First Pan-American/Iberian Meeting on Acoustics, Cancun

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Learning the Sounds of a New Language:
Adults Can Do It Too!

(Click on the flag for a Spanish version)

Paola Escudero -
Institute of Linguistics, OTS
Utrecht University
Trans 10
3512 JK Utrecht
The Netherlands

Popular version of paper 4pSC2
Presented Thursday afternoon, December 5, 2002
First Pan-American/Iberian Meeting on Acoustics, Cancun, Mexico

        Children normally manage to learn the language they hear around them. This task never proves too difficult for them. Adults, on the other hand, struggle to do the same thing. They often have an 'accent' when they speak a foreign language. Why should that be?

        The problem seems to lie in the fact that the sound system of our native language acts as a filter that prevents us from hearing or producing foreign language sounds faithfully. Given this "handicap" of an entrenched native language system, is there any hope for adult learners? This paper shows that adults can be successful in solving problems encountered while learning to perceive second language sounds. More specifically, it deals with the problems that emerge as a result of conflicting vowel systems. In other words, it tries to account for what happens when someones native language has "too few" or "too many" vowels in comparison to the language being learned.

        Whereas Spanish has only five vowels (si, que, la, no, tu), English has more than twice as many (heed, hid, hayed, head, had, who'd, hood, hoed, Hud, hawed, hod, heard). As a consequence, Spanish learners of English generally hear the English vowels in sheep and ship as instances of a single Spanish vowel, namely i. The reason is that the two English vowels differ in quality and length - the first one (ee) is both higher in terms of tongue position and longer in terms of duration than the second one (i) - and Spanish speakers are not attuned to making this distinction since it does not exist in their language.

        The question that was addressed in this study, then, was whether Spanish learners of English could perceive the two English vowels if the difference in quality and length were sufficiently large. To this end, we tested Spanish learners of English who had been exposed to two varieties of English, each of which emphasizes either vowel quality or vowel length in its differentiation of forms like sheep and ship.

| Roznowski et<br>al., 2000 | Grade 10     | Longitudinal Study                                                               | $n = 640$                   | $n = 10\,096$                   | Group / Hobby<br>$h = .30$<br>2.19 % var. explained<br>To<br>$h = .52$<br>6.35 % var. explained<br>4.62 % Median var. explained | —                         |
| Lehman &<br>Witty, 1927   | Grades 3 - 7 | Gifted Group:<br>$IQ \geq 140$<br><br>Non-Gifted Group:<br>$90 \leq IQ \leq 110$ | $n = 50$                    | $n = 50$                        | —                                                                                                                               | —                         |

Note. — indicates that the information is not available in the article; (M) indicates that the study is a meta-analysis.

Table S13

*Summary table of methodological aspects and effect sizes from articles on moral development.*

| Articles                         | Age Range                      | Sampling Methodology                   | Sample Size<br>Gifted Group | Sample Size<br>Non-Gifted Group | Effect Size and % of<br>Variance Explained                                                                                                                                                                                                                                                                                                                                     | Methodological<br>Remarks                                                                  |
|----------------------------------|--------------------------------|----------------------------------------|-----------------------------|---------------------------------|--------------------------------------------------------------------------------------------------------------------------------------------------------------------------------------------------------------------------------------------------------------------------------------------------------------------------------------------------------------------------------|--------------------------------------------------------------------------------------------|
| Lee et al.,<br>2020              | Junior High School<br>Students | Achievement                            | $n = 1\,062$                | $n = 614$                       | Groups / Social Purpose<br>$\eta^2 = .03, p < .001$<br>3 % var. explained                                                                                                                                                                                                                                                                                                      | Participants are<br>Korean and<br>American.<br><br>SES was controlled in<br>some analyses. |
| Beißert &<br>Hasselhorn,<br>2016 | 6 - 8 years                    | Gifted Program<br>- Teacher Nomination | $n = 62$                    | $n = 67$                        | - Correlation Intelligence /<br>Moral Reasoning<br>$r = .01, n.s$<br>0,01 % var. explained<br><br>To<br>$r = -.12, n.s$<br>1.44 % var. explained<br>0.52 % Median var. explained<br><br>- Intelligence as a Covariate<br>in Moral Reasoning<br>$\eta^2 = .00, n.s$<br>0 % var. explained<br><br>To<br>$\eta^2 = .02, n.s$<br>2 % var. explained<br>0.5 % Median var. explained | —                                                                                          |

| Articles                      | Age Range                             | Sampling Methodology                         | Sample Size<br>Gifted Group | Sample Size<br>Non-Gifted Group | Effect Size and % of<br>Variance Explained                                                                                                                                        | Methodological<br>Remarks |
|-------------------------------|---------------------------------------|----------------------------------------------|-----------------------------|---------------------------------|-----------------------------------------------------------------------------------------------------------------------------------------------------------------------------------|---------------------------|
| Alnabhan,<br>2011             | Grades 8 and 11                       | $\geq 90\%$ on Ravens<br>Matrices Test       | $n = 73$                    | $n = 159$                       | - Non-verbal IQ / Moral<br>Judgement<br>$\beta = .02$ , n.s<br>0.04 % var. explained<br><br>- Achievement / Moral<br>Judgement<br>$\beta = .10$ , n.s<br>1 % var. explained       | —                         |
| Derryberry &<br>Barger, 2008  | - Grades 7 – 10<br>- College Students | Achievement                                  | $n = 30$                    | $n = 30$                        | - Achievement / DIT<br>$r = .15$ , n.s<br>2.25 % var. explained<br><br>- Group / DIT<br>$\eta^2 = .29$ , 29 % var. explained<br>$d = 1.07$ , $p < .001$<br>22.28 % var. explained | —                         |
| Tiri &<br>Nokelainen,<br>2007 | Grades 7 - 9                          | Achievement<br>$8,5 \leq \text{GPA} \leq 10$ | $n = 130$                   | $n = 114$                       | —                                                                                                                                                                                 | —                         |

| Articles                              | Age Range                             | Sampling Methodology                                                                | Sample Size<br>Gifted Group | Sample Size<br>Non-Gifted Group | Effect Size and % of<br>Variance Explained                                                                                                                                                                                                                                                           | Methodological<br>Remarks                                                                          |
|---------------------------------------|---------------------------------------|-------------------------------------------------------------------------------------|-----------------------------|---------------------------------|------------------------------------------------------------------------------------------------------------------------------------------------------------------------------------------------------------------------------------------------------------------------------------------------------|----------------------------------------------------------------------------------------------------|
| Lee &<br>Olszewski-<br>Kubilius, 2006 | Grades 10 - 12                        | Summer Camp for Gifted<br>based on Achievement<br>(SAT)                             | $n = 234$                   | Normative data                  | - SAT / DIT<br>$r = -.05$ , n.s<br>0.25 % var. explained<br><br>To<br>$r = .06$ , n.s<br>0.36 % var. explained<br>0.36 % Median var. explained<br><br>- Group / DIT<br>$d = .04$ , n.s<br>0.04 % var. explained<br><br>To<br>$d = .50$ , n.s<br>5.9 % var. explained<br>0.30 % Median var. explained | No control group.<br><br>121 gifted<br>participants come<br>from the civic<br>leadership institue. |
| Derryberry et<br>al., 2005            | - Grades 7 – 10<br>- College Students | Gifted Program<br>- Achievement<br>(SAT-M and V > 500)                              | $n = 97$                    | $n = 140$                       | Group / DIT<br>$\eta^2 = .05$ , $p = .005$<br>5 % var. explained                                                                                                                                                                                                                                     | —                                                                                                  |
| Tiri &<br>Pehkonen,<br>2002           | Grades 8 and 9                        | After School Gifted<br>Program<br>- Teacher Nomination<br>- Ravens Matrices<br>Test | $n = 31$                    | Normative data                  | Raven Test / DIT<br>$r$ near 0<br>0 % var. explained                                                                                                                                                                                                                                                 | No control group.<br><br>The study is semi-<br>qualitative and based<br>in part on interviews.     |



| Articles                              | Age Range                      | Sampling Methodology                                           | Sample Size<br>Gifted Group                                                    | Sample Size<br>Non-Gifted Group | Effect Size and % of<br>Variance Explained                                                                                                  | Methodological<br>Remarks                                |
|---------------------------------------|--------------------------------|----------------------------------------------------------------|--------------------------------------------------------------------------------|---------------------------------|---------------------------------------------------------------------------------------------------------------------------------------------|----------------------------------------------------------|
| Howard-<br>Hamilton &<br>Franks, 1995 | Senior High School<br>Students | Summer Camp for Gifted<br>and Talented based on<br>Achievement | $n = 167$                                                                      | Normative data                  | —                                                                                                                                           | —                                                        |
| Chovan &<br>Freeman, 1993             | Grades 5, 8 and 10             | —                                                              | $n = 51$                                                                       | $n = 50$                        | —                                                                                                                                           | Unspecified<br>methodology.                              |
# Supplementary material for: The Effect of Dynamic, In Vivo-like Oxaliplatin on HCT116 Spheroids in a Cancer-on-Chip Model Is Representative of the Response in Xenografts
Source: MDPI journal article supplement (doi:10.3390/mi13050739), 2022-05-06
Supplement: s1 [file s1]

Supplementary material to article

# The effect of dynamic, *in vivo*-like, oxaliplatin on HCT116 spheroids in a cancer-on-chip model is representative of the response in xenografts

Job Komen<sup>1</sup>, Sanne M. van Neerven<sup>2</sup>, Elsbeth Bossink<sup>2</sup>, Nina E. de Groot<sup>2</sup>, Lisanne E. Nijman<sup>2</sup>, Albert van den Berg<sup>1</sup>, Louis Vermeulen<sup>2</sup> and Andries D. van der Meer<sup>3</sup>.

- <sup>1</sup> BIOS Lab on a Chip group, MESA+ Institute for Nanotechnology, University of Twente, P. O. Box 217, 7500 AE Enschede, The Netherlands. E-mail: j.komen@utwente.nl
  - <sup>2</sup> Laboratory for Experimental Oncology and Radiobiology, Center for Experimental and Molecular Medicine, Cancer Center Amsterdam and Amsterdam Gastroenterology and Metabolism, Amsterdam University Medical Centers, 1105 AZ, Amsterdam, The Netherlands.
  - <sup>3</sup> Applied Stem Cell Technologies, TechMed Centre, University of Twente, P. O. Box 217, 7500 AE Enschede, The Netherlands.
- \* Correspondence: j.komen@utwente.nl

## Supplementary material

Thus, on the one hand, given the fact that Scottish English speakers pronounce these vowels with a prominent quality difference and a relatively small length difference (listen to Scottish English), it was hypothesized that Spanish listeners could potentially hear the Scottish vowels as two distinct sounds on the basis of quality alone. On the other hand, Southern British English speakers produce these vowels with a relatively large length difference and a rather small quality difference (listen to Southern British English) so it was surmised that even though Spanish listeners could potentially hear the quality difference, they would focus mainly on the length difference.

        The Spanish learners that were tested listened to ee (sheep) and i (ship) vowels with different combinations of quality and length values. These vowels were distributed along a matrix, which is represented by the square in the figure. The most sheep-like vowel (top right in the figure) was very high and very long, while the most ship-like vowel (bottom left in the figure) was much lower and shorter. The Spanish learners' performance was then compared to that of native Scottish and Southern British English listeners.

        The results of the vowel identification task are given below. In the figures, the line across the squares represents how the listeners identified the vowels: a horizontal line means a high vs. low distinction (quality alone), a vertical line means a short vs. long distinction (length alone), and a diagonal line means a quality and length distinction.

Scottish English